Monthly Archives: October 2019

  • 284. Top Tips Tuesday - Now You See It, Now You Don't

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    I lead a very sheltered life now that I am well past the usual retirement age, and have been ‘booted upstairs’ to idle a few hours away in the sail loft attached to the bricks and mortar chandlery emporium of www.storrarmarine.co.uk. Sadly, with me now being consigned to the loft, I don’t get the opportunity to listen to the shop counter scandal and never ever get the chance to flick through suppliers catalogues which I used to enjoy. However, even though I am only supposed to be working part time, I have been asked on occasion to man the pumps down on the shop floor whilst boss man Andy Burgess swans off on a very rare holiday or perhaps gets his hands dirty with onsite work. Just last week saw him working down in the smoke at the world famous Henley River and Rowing Museum. His task, changing the overhead displays, which included lowering the priceless 1948 Olympic medal winning Henley Pair down and moving it to a different location, then lifting the Sydney gold medal winning four up into the clouds and once again securing it with stainless wire, numerous swaged splices, and of course, set up to the correct tension using stainless rigging screws.

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    So, for a second week, I once again find myself indispensable. Why? Andy B is now enjoying quality time with his two daughters as it's half term week up in the North East, and I am in the firing line, meeting, greeting and hopefully serving customers, and of course giving my opinion, for what its worth, a tackle by tackle overview of the matches that took place over the weekend. What a marvellous game we enjoyed on Saturday! Yesterday lunchtime saw me eating what we in the sail loft call a ‘train drivers’ sandwich (tomato & hard boiled egg in a brown granary bun seasoned with a sensation of ground black pepper and don’t ask why we call them that!) down in the chandlery office and idly thumbing through an old 2018 Bartoncatalogue. My eye was caught by a picture of Andy Laurence’s daughter, Ruby, relaxing in the cockpit of his beautifully restored Alan Hill designed Cutlass 27, Andy whom, when he is at work, steers www.marinechandlery.com down the high tech seas, then when it's rest and recreation time, he can be found either working on further restoration of Nellie Dean or sailing her out on the North sea. As a postscript he painted the topsides in Epifanes yacht enamel some three odd years ago and she still looks a million dollars!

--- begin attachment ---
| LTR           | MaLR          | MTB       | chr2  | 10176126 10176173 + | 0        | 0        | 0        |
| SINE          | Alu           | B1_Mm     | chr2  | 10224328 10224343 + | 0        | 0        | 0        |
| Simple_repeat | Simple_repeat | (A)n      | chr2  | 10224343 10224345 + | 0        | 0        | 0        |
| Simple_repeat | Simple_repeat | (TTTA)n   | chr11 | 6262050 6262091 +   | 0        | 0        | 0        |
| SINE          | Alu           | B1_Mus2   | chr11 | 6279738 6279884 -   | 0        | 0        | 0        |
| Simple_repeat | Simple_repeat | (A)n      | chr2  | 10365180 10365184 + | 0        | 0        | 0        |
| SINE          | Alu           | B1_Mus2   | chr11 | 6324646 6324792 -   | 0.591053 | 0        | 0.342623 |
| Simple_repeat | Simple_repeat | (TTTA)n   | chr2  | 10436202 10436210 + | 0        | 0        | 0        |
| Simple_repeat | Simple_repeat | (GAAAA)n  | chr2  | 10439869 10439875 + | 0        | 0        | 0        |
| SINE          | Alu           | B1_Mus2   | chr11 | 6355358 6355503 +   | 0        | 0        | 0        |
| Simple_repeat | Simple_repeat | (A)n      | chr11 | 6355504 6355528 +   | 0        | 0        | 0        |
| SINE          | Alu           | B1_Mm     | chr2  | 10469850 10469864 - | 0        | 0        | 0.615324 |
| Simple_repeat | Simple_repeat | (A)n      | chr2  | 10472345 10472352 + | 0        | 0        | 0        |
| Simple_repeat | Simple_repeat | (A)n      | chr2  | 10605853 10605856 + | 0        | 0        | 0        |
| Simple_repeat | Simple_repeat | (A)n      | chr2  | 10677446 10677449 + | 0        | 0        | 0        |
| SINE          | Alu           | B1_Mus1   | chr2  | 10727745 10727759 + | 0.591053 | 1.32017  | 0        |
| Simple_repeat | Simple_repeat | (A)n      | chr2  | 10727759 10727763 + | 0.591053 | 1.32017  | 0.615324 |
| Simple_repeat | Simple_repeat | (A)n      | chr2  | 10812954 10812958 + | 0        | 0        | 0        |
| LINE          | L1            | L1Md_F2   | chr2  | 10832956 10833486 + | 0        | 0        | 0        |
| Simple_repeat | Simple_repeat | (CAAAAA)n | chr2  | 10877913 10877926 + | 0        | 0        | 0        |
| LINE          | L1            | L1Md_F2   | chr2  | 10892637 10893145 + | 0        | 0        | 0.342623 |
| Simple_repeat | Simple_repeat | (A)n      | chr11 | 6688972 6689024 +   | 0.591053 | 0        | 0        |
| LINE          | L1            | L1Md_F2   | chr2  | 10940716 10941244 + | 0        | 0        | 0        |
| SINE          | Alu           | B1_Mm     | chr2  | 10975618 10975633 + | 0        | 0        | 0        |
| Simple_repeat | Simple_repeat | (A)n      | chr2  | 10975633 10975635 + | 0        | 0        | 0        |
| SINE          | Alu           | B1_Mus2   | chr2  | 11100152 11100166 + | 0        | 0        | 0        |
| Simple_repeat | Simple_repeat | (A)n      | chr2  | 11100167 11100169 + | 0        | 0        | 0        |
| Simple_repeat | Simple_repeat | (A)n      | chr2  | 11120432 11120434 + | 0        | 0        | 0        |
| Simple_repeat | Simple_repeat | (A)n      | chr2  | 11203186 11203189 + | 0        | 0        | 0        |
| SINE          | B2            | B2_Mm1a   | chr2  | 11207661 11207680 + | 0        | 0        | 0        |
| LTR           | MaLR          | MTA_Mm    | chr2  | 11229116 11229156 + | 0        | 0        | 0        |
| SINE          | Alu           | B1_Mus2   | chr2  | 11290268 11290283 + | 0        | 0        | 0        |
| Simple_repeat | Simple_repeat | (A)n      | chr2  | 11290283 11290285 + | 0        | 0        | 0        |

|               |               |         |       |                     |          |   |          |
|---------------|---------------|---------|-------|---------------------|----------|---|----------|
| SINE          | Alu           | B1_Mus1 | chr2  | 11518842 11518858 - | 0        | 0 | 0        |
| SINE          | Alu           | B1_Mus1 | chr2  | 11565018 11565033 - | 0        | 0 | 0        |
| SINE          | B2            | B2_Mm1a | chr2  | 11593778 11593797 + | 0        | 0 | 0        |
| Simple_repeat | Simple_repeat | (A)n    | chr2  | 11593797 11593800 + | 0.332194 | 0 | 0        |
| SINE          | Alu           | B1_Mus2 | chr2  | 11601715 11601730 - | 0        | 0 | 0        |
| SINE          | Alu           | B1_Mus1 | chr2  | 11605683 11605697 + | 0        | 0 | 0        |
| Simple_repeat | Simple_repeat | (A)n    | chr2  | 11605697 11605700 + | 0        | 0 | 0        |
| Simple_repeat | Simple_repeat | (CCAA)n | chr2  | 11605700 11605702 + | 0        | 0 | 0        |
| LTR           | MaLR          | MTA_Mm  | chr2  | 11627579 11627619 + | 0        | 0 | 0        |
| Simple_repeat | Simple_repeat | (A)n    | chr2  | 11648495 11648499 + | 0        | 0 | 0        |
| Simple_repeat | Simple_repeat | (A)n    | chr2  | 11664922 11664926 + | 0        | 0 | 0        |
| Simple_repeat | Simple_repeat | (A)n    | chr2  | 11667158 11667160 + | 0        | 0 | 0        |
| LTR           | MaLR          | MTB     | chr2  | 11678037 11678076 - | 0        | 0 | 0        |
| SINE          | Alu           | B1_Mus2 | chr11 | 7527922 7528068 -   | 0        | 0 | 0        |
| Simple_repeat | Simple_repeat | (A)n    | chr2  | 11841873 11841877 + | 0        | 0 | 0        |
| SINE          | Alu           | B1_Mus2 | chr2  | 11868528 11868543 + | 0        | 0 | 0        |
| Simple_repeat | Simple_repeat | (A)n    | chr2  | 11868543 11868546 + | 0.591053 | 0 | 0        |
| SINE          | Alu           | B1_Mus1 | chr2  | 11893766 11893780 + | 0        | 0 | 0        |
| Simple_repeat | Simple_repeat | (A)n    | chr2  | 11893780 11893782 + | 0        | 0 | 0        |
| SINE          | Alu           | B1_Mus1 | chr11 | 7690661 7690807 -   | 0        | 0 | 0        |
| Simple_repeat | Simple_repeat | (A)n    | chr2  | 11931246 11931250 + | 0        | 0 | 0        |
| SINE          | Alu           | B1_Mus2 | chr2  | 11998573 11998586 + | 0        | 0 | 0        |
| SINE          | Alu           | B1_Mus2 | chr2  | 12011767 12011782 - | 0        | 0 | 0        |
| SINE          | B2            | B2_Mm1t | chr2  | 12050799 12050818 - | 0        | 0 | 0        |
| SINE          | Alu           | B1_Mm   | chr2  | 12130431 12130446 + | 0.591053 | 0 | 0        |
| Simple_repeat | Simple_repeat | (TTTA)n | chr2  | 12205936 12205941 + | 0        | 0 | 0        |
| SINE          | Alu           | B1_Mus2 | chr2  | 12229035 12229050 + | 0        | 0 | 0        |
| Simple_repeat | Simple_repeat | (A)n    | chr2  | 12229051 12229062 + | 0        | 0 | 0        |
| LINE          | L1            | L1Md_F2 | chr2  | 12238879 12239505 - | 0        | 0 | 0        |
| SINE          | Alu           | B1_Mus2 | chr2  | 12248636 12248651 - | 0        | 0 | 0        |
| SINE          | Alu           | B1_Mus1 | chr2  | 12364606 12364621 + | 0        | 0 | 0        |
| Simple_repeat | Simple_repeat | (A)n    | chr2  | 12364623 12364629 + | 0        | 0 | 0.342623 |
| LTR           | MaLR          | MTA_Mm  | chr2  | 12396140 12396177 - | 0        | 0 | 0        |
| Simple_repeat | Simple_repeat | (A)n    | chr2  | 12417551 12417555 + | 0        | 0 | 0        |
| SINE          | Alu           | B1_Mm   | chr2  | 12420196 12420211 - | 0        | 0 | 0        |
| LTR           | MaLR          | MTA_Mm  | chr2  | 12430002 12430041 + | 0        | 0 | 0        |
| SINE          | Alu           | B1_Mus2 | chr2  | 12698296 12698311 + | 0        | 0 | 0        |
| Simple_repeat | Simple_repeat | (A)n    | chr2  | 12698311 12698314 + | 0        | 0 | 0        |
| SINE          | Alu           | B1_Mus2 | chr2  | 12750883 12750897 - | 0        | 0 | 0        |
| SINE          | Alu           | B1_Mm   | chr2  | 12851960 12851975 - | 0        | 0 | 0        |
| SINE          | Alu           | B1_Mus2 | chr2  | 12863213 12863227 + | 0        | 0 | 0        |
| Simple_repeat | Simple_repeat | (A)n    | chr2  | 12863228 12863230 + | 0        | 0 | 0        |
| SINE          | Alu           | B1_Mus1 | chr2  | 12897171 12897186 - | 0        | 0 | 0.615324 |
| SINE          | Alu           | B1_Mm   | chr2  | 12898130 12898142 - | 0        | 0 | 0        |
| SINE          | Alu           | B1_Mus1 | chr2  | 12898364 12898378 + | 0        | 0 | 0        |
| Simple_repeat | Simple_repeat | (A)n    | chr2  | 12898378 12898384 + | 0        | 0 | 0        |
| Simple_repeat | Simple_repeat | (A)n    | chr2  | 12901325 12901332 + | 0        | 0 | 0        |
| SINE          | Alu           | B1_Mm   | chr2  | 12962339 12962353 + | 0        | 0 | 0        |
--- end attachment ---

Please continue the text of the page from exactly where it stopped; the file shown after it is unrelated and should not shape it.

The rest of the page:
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    The old traveller on Nellie Dean which was mounted at the aft end of the companion way was in the way, a trip hazard and a hair catcher. However, Andy ain’t got much left, bit like me, but he does often sail with his wife and daughter. Also, if in light winds he pulled the traveller slightly up to windward to keep the boom on the centreline (with minimum leech tension to aid pointing ability,) the old mainsheet traveller position made it almost impossible to go down below! By removing the old one and fitting one of Barton’s brilliant removable mainsheet track systems, apart from freeing up the cockpit when not in use by removing it completely, with it being located further aft the sheeting on the boom become more efficient!

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    As for the Henley 'project', well done Andy and the team, must have taught him well now let’s see if his photos of the two boats which are shown below are as good as his wire work. My verdict, yes, but don’t yet give up the day job! Not that I can talk, my headline image of the sandwich…… spot the ‘deliberate’ mistake! The catalogue under was a Schaefer one and not Barton, how many of you spotted that? My boss certainly didn’t when he proof read it!

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  • 283. Top Tips Tuesday - The Vital Spark

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    THE 'VITAL SPARK' was the name given to a fictional Clyde Puffer created by Scottish writer Neil Munro. Short stories regarding the exploits of the crew, and of course, the boat first appeared in the Glasgow Evening News in 1905. These small steamboats were, in those days, providing a vital supply route round the West coast of Scotland and the Hebridean Islands.